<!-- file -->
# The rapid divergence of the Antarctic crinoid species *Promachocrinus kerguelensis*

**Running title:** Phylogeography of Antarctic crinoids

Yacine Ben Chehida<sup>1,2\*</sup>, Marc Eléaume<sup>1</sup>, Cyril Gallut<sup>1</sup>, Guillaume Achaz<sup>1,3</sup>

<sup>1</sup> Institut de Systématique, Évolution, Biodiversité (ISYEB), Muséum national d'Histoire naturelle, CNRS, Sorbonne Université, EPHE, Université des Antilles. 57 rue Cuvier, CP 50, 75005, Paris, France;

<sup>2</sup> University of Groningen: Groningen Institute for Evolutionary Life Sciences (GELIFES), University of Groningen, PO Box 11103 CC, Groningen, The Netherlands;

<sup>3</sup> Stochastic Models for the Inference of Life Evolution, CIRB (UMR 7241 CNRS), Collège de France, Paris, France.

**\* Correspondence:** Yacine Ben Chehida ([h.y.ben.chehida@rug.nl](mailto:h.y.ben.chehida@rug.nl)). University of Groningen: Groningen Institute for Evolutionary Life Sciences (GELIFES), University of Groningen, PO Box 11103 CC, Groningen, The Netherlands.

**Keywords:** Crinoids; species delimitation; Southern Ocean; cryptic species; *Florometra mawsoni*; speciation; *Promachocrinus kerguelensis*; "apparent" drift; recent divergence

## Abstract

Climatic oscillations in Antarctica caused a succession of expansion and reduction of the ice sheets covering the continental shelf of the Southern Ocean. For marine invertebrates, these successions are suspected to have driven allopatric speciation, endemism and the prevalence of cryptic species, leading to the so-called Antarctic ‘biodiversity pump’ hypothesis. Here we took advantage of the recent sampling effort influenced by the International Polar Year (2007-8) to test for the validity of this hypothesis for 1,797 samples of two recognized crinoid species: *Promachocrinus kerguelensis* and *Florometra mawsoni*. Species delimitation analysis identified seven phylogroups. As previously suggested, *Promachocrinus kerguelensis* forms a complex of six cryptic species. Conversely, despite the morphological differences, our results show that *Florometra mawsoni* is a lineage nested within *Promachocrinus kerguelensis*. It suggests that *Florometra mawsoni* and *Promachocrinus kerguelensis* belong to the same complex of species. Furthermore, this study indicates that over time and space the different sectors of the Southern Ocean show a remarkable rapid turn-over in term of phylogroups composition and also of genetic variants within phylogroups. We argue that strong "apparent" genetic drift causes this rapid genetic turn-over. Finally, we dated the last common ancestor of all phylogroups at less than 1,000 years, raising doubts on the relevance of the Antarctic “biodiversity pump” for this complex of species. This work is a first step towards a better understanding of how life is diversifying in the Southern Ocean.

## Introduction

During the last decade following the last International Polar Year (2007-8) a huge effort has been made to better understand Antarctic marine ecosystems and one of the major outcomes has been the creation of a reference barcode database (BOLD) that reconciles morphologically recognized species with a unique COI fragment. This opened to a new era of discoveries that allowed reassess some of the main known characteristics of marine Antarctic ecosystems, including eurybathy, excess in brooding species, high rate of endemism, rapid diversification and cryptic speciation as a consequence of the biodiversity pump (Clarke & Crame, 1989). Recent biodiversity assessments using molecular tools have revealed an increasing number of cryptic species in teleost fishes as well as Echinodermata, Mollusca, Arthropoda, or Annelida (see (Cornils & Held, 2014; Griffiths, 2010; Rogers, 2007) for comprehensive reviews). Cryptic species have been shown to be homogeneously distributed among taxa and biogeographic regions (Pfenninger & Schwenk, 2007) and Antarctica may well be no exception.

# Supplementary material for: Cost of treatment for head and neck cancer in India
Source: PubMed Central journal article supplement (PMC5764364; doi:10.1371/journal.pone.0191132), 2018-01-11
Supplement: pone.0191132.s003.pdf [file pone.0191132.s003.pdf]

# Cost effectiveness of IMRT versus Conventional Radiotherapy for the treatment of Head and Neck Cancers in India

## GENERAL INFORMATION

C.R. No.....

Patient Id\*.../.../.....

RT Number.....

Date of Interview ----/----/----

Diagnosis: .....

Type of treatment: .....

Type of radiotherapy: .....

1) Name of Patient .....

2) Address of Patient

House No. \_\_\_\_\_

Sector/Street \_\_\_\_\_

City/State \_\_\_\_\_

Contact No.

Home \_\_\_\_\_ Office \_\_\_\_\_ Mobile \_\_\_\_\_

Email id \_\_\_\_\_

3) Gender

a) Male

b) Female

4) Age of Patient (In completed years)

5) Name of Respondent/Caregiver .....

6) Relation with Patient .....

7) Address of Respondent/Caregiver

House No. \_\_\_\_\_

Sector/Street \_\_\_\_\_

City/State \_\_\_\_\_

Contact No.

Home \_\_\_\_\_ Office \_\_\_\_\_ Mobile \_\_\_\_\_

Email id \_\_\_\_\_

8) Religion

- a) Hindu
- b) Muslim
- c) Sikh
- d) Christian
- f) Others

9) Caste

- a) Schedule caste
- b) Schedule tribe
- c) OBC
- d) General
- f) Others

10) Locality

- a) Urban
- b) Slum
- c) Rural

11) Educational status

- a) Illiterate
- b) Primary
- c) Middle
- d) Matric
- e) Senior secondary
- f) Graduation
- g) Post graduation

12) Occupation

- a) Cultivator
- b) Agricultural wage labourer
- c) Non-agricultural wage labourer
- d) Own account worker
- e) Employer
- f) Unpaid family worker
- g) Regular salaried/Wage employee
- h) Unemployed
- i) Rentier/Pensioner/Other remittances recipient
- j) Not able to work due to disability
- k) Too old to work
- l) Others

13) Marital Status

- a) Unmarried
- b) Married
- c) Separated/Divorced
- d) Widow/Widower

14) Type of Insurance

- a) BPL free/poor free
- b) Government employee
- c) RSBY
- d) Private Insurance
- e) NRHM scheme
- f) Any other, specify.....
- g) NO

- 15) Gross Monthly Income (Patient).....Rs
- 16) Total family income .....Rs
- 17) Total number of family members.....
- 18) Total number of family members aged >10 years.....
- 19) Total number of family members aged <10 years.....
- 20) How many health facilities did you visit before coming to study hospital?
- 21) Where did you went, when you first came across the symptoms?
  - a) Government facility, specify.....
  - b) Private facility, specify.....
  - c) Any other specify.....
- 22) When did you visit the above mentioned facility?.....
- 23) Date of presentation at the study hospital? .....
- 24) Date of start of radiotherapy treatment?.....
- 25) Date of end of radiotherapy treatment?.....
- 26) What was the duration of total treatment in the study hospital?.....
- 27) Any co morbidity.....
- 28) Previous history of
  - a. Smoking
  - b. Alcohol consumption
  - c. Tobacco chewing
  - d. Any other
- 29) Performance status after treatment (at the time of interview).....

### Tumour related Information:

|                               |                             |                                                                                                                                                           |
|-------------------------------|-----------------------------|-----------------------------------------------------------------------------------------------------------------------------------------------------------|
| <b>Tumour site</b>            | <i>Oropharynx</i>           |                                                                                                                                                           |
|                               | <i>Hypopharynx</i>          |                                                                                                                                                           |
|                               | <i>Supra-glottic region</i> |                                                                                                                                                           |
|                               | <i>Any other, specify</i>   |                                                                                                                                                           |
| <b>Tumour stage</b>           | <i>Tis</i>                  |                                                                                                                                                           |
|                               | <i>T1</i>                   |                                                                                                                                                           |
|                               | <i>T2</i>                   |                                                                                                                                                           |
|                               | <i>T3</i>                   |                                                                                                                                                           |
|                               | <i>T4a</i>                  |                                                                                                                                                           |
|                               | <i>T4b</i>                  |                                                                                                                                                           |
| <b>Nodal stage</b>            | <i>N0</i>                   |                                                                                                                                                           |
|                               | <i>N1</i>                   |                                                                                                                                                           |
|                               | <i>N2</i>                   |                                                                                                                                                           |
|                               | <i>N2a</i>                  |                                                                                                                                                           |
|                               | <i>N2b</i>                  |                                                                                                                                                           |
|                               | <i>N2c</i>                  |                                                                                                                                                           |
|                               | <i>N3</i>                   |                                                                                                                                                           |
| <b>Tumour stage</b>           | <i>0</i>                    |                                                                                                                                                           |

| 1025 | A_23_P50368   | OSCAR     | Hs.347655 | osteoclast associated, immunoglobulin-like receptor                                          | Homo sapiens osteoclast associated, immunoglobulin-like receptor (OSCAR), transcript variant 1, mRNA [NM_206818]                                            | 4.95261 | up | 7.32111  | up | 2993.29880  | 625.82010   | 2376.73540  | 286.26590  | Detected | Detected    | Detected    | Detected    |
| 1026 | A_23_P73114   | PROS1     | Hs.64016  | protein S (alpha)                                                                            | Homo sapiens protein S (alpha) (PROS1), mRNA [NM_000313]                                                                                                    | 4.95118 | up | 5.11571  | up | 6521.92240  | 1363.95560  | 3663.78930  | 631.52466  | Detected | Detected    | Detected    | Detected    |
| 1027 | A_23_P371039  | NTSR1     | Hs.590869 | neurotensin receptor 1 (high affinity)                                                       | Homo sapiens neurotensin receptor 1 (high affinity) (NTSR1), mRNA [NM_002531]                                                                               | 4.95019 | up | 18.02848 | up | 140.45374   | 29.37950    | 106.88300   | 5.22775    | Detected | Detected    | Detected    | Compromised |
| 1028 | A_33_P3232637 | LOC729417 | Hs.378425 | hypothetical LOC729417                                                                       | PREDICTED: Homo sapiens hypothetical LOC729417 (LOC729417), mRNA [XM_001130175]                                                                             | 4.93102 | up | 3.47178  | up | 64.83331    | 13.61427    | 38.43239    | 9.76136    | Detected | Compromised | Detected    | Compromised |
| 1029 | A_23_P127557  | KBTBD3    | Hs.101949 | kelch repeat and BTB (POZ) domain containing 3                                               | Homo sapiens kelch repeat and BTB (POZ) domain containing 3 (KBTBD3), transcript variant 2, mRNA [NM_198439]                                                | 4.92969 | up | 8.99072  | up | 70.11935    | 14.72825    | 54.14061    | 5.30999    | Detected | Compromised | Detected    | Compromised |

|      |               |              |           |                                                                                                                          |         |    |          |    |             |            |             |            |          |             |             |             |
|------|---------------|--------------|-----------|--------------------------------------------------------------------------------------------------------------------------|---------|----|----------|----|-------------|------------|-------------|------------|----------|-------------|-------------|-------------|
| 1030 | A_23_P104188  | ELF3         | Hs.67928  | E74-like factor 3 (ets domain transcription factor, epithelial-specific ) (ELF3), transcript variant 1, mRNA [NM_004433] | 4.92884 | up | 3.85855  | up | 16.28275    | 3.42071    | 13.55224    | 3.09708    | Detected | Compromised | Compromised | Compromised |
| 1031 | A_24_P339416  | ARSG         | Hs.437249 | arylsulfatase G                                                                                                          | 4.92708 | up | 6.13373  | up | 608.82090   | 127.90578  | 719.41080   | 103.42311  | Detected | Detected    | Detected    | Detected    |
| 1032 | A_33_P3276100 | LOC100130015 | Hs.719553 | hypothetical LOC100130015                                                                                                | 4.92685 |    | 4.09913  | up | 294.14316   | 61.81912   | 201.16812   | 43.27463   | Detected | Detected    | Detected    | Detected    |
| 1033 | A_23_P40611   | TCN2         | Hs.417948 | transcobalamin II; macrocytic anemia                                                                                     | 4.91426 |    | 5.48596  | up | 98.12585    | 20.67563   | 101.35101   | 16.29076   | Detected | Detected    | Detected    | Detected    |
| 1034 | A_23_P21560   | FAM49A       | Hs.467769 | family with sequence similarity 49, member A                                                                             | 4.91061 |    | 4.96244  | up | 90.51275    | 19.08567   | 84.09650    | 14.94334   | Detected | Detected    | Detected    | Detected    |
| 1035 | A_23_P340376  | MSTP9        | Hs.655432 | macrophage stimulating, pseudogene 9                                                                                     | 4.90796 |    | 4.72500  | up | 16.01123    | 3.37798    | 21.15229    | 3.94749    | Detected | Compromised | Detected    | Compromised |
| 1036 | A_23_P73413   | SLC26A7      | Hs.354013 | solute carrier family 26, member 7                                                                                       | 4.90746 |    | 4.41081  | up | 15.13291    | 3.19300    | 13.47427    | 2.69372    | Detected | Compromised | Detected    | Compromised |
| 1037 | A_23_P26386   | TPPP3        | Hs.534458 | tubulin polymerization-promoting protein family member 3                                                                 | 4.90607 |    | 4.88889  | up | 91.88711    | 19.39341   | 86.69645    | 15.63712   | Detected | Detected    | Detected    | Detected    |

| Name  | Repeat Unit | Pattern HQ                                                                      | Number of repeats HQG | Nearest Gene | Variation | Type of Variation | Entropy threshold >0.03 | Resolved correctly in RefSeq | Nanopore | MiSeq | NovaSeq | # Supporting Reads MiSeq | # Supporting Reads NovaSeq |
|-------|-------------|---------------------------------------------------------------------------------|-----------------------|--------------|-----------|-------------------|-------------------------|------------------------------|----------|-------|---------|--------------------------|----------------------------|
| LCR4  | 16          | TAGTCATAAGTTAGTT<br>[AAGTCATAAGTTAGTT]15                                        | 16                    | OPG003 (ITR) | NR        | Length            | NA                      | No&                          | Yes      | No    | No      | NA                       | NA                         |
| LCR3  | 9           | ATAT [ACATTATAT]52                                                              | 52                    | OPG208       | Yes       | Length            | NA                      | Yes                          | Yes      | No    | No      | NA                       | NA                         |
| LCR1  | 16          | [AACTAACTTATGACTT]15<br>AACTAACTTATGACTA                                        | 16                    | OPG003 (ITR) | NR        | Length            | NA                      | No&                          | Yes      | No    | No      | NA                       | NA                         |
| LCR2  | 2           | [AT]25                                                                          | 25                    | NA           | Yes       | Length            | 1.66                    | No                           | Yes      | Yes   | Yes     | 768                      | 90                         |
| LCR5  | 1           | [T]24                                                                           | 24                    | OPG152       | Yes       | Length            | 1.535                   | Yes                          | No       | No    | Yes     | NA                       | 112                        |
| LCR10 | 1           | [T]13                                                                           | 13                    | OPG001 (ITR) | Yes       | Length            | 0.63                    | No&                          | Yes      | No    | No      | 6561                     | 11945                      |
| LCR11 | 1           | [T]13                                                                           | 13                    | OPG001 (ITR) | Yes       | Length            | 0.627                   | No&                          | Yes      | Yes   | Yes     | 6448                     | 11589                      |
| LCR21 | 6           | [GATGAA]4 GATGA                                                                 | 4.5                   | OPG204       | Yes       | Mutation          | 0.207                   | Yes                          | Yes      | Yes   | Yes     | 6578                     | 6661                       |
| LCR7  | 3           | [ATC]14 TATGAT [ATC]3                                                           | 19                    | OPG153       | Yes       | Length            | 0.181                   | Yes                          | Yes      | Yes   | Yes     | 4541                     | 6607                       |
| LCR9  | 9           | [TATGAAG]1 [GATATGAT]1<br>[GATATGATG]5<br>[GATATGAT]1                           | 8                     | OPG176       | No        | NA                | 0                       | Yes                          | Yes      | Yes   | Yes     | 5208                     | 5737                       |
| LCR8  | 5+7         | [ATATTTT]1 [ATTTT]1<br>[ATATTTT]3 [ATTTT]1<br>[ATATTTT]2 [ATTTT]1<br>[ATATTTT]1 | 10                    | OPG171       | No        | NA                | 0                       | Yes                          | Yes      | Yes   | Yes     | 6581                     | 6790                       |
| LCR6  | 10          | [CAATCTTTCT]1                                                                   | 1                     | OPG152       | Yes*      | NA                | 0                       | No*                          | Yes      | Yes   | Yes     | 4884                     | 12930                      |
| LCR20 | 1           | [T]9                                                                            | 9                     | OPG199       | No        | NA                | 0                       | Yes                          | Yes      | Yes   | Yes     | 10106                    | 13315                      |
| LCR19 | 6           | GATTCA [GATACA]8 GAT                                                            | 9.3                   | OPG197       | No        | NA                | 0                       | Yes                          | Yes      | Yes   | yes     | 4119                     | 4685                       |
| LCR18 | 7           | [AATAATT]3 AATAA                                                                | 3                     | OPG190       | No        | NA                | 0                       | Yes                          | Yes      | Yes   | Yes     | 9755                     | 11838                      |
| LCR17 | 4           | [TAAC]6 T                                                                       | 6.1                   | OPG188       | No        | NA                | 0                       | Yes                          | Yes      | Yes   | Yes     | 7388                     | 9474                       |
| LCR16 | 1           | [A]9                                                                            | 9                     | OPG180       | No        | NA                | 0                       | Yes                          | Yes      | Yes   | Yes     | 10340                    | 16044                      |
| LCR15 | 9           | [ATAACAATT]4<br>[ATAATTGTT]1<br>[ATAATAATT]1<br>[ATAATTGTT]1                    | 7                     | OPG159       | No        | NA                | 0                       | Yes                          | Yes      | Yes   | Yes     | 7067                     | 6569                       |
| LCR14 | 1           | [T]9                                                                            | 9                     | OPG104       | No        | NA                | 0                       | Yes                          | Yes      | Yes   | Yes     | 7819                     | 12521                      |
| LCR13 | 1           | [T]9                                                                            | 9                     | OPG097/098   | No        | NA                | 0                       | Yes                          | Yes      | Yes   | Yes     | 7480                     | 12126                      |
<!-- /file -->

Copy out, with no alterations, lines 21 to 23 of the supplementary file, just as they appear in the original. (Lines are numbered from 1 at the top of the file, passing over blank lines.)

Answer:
Date of Interview ----/----/----

Diagnosis: .....

Type of treatment: .....